The Victorian alps are a dynamic region that is still undergoing immense geological uplift. It was previously thought that this region was part of a “decaying” mountain range, but recent analysis has shown that the mountain range is still rising, thanks in part to the orogeny (mountain building) of Zealandia, a portion of continental crust which includes the land mass of New Zealand. This isn’t exactly fast though; the alps are being pushed up (on average) 0.1 millimetre every year.
Eastern Victoria has a complex geological history, but the area is dominated by exposures of granite that are thought to have been formed more than 420 million years ago (and at depths of at least 15 kilometres below the earth’s surface) and sandstone formations that formed over half a billion years ago from an ancient shoreline.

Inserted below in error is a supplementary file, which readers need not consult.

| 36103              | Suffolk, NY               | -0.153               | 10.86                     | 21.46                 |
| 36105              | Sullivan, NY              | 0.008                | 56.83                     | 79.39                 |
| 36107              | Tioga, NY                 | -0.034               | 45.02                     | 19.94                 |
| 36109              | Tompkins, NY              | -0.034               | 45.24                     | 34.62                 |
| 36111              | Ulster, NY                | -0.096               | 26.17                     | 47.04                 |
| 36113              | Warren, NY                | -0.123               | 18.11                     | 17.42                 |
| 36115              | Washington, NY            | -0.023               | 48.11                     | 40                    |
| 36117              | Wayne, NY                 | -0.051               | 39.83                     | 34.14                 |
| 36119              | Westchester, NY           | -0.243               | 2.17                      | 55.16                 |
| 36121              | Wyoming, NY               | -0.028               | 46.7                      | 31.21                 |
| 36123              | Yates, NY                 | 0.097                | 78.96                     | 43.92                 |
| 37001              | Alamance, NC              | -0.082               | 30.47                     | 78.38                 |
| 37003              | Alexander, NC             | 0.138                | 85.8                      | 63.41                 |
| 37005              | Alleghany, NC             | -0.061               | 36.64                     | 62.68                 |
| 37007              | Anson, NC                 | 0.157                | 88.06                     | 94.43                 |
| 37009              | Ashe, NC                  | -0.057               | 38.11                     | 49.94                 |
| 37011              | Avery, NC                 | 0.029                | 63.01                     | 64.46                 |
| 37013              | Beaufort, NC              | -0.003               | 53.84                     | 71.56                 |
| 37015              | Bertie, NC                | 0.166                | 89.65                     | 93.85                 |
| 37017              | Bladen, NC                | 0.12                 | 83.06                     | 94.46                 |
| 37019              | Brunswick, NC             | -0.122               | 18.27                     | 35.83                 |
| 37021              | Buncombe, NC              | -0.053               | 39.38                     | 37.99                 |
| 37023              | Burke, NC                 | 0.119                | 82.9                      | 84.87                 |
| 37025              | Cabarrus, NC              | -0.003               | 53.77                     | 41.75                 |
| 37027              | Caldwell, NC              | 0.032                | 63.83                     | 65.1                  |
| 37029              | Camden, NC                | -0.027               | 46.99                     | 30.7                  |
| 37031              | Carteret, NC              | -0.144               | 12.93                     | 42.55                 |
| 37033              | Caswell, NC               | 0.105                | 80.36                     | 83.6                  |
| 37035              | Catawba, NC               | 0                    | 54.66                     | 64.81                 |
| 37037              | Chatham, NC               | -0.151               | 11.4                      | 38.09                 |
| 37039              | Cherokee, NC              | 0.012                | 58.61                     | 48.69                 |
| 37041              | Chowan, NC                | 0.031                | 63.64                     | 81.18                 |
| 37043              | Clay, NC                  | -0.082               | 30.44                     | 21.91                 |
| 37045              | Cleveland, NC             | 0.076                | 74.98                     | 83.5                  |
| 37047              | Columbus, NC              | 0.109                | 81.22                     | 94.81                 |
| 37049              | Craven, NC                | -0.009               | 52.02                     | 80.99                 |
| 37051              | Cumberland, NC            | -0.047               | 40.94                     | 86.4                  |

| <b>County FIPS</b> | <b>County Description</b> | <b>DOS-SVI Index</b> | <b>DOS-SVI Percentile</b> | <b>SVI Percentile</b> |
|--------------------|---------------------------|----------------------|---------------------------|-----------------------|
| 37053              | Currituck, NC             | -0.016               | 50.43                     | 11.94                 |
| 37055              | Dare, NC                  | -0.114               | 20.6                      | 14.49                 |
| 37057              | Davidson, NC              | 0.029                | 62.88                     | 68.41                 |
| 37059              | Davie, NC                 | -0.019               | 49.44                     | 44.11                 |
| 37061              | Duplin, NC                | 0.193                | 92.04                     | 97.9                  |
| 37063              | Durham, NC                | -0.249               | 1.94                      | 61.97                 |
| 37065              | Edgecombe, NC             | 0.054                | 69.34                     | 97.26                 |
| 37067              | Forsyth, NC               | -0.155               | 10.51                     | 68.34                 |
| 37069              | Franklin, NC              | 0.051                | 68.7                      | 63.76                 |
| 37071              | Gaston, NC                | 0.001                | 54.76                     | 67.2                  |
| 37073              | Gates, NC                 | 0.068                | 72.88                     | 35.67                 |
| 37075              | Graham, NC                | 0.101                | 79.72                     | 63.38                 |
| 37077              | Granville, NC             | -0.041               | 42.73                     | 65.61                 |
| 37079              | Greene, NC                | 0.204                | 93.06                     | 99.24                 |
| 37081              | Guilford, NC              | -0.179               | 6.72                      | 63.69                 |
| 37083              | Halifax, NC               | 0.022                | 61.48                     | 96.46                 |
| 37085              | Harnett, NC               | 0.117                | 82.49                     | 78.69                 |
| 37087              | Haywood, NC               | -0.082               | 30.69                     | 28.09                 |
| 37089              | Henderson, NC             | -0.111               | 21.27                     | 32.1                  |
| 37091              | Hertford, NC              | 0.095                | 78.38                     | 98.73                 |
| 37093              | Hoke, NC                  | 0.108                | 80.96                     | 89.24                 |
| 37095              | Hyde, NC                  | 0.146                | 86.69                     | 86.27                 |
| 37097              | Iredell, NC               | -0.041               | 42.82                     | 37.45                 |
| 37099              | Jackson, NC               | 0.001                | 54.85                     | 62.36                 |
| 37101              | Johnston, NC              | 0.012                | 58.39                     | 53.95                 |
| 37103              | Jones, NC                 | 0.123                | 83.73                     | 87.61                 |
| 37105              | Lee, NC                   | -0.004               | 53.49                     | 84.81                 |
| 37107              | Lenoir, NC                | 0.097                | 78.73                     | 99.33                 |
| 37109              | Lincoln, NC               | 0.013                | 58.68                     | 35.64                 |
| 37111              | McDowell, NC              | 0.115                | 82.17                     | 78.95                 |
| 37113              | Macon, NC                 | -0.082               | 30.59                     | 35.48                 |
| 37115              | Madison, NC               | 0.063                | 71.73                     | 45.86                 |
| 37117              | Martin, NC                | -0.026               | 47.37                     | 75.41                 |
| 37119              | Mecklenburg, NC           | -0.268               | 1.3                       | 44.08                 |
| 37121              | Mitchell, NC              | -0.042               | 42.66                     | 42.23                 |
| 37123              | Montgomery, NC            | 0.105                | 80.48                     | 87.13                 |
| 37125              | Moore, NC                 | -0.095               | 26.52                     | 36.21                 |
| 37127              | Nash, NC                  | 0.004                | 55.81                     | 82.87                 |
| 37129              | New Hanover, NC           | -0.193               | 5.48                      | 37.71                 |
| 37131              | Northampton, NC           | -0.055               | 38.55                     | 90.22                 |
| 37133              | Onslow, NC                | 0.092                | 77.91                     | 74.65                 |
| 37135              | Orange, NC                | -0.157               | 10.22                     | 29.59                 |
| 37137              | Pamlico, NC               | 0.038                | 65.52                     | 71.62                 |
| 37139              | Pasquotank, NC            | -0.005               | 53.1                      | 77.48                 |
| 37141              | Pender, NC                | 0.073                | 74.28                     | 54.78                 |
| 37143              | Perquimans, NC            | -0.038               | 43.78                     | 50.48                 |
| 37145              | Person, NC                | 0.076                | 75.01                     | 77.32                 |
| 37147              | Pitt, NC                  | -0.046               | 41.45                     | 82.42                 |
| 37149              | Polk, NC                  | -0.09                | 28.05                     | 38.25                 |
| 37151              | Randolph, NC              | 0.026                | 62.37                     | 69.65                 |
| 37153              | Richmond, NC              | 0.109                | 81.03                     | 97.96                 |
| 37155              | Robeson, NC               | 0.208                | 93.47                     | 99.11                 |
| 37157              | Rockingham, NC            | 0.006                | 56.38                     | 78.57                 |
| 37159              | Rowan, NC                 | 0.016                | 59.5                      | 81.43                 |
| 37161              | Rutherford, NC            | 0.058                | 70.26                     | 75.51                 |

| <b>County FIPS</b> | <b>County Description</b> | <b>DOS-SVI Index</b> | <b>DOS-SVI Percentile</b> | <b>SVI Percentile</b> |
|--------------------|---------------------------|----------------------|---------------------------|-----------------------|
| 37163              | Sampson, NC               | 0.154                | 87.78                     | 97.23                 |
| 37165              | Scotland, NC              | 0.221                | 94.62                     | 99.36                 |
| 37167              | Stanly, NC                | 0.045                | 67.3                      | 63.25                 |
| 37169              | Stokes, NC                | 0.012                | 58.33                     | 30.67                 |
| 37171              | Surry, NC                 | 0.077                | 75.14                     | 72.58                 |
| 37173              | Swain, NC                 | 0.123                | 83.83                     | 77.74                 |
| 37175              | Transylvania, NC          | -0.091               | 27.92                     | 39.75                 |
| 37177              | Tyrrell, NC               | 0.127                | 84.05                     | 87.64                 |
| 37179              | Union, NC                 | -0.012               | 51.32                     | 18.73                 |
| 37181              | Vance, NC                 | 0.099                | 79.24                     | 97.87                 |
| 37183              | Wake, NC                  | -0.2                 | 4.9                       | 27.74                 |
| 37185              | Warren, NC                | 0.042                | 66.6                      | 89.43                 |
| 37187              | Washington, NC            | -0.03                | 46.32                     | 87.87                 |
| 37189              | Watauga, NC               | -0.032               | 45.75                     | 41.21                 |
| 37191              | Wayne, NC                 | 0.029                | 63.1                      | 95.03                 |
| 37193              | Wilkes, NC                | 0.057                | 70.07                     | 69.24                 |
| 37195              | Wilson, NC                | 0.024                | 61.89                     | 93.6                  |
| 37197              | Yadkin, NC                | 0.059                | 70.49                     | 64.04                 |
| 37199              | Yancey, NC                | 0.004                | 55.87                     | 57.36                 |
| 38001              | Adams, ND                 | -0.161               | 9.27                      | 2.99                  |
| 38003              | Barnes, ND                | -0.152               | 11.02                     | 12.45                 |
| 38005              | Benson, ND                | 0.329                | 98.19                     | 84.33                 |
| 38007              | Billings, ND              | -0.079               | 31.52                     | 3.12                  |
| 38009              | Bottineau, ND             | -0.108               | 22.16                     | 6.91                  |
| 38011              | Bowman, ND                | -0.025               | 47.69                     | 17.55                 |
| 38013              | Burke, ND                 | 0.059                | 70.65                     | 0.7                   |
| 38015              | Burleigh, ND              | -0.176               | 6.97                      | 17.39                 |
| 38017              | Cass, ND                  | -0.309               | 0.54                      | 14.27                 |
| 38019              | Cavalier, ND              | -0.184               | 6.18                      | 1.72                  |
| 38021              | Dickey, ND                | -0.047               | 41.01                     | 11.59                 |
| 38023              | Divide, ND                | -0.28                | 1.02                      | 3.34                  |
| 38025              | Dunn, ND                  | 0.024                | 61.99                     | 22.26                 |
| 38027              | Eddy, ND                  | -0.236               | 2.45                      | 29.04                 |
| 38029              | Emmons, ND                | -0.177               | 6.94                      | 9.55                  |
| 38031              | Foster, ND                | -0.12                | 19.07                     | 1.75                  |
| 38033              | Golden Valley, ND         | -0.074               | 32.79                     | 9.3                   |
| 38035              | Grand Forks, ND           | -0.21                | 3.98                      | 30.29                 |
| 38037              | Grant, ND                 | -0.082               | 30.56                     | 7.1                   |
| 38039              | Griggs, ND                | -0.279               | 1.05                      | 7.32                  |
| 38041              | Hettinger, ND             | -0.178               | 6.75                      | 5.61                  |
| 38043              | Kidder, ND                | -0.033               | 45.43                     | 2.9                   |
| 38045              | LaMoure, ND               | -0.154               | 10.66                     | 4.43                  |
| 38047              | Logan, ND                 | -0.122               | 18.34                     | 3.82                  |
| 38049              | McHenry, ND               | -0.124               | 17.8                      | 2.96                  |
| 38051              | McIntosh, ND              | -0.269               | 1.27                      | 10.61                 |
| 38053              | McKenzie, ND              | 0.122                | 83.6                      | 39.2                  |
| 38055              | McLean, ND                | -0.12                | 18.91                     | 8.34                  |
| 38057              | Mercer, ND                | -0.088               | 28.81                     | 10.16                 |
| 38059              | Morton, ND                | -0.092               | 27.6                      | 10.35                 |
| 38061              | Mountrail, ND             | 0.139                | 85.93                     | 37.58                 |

Mount Buffalo National Park is mainly comprised of granites, which weather incredibly slowly. Image credit: Parks Victoria.
Mount Bogong was thought to have had significant uplift only recently, with more than 700 metres being accounted for in the last two million years. Image credit: Joe Ritson